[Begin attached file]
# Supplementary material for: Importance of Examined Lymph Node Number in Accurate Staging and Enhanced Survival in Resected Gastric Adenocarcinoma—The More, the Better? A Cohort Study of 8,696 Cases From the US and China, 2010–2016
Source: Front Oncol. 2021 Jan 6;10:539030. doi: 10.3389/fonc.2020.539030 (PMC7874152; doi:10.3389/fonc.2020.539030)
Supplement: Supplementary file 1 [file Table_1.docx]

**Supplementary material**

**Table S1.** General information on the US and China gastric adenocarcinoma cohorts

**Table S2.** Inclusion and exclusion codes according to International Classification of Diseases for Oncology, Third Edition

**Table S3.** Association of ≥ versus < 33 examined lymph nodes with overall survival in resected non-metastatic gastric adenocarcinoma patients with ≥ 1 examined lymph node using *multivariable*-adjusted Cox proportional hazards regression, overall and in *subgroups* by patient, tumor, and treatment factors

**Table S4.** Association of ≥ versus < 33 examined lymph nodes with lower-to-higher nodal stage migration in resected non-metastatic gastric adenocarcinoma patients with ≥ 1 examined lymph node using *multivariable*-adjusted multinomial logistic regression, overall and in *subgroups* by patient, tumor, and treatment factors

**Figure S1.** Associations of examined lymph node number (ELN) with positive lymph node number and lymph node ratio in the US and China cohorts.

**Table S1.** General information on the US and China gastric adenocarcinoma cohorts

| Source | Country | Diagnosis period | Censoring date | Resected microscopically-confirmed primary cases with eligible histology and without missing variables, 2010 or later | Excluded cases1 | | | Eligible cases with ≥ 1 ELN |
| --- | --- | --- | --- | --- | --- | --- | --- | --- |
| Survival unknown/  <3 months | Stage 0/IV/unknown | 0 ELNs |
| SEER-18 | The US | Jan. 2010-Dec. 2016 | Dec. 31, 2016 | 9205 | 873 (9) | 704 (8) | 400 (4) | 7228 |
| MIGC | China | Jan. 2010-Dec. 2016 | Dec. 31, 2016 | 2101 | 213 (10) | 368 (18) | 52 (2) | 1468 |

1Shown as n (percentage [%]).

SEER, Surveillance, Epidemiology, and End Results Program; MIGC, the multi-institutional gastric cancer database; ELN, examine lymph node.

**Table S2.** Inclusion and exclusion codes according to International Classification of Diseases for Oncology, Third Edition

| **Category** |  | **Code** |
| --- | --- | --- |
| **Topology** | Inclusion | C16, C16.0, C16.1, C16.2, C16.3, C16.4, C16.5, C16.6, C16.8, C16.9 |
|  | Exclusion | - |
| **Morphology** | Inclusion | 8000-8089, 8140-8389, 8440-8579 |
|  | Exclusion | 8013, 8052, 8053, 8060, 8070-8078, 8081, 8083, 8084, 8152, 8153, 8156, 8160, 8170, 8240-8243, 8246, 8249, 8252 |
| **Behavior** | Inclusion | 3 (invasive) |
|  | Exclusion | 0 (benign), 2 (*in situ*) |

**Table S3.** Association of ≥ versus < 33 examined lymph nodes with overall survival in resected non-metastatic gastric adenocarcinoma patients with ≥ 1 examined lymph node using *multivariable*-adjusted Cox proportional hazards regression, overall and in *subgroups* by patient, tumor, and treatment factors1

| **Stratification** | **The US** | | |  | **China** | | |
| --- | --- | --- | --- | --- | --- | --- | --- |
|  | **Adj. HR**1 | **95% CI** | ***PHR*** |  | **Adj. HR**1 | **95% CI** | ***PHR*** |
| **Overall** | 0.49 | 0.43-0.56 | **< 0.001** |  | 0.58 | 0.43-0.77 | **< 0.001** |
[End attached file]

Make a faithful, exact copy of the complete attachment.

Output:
# Supplementary material for: Importance of Examined Lymph Node Number in Accurate Staging and Enhanced Survival in Resected Gastric Adenocarcinoma—The More, the Better? A Cohort Study of 8,696 Cases From the US and China, 2010–2016
Source: Front Oncol. 2021 Jan 6;10:539030. doi: 10.3389/fonc.2020.539030 (PMC7874152; doi:10.3389/fonc.2020.539030)
Supplement: Supplementary file 1 [file Table_1.docx]

**Supplementary material**

**Table S1.** General information on the US and China gastric adenocarcinoma cohorts

**Table S2.** Inclusion and exclusion codes according to International Classification of Diseases for Oncology, Third Edition

**Table S3.** Association of ≥ versus < 33 examined lymph nodes with overall survival in resected non-metastatic gastric adenocarcinoma patients with ≥ 1 examined lymph node using *multivariable*-adjusted Cox proportional hazards regression, overall and in *subgroups* by patient, tumor, and treatment factors

**Table S4.** Association of ≥ versus < 33 examined lymph nodes with lower-to-higher nodal stage migration in resected non-metastatic gastric adenocarcinoma patients with ≥ 1 examined lymph node using *multivariable*-adjusted multinomial logistic regression, overall and in *subgroups* by patient, tumor, and treatment factors

**Figure S1.** Associations of examined lymph node number (ELN) with positive lymph node number and lymph node ratio in the US and China cohorts.

**Table S1.** General information on the US and China gastric adenocarcinoma cohorts

| Source | Country | Diagnosis period | Censoring date | Resected microscopically-confirmed primary cases with eligible histology and without missing variables, 2010 or later | Excluded cases1 | | | Eligible cases with ≥ 1 ELN |
| --- | --- | --- | --- | --- | --- | --- | --- | --- |
| Survival unknown/  <3 months | Stage 0/IV/unknown | 0 ELNs |
| SEER-18 | The US | Jan. 2010-Dec. 2016 | Dec. 31, 2016 | 9205 | 873 (9) | 704 (8) | 400 (4) | 7228 |
| MIGC | China | Jan. 2010-Dec. 2016 | Dec. 31, 2016 | 2101 | 213 (10) | 368 (18) | 52 (2) | 1468 |

1Shown as n (percentage [%]).

SEER, Surveillance, Epidemiology, and End Results Program; MIGC, the multi-institutional gastric cancer database; ELN, examine lymph node.

**Table S2.** Inclusion and exclusion codes according to International Classification of Diseases for Oncology, Third Edition

| **Category** |  | **Code** |
| --- | --- | --- |
| **Topology** | Inclusion | C16, C16.0, C16.1, C16.2, C16.3, C16.4, C16.5, C16.6, C16.8, C16.9 |
|  | Exclusion | - |
| **Morphology** | Inclusion | 8000-8089, 8140-8389, 8440-8579 |
|  | Exclusion | 8013, 8052, 8053, 8060, 8070-8078, 8081, 8083, 8084, 8152, 8153, 8156, 8160, 8170, 8240-8243, 8246, 8249, 8252 |
| **Behavior** | Inclusion | 3 (invasive) |
|  | Exclusion | 0 (benign), 2 (*in situ*) |

**Table S3.** Association of ≥ versus < 33 examined lymph nodes with overall survival in resected non-metastatic gastric adenocarcinoma patients with ≥ 1 examined lymph node using *multivariable*-adjusted Cox proportional hazards regression, overall and in *subgroups* by patient, tumor, and treatment factors1

| **Stratification** | **The US** | | |  | **China** | | |
| --- | --- | --- | --- | --- | --- | --- | --- |
|  | **Adj. HR**1 | **95% CI** | ***PHR*** |  | **Adj. HR**1 | **95% CI** | ***PHR*** |
| **Overall** | 0.49 | 0.43-0.56 | **< 0.001** |  | 0.58 | 0.43-0.77 | **< 0.001** |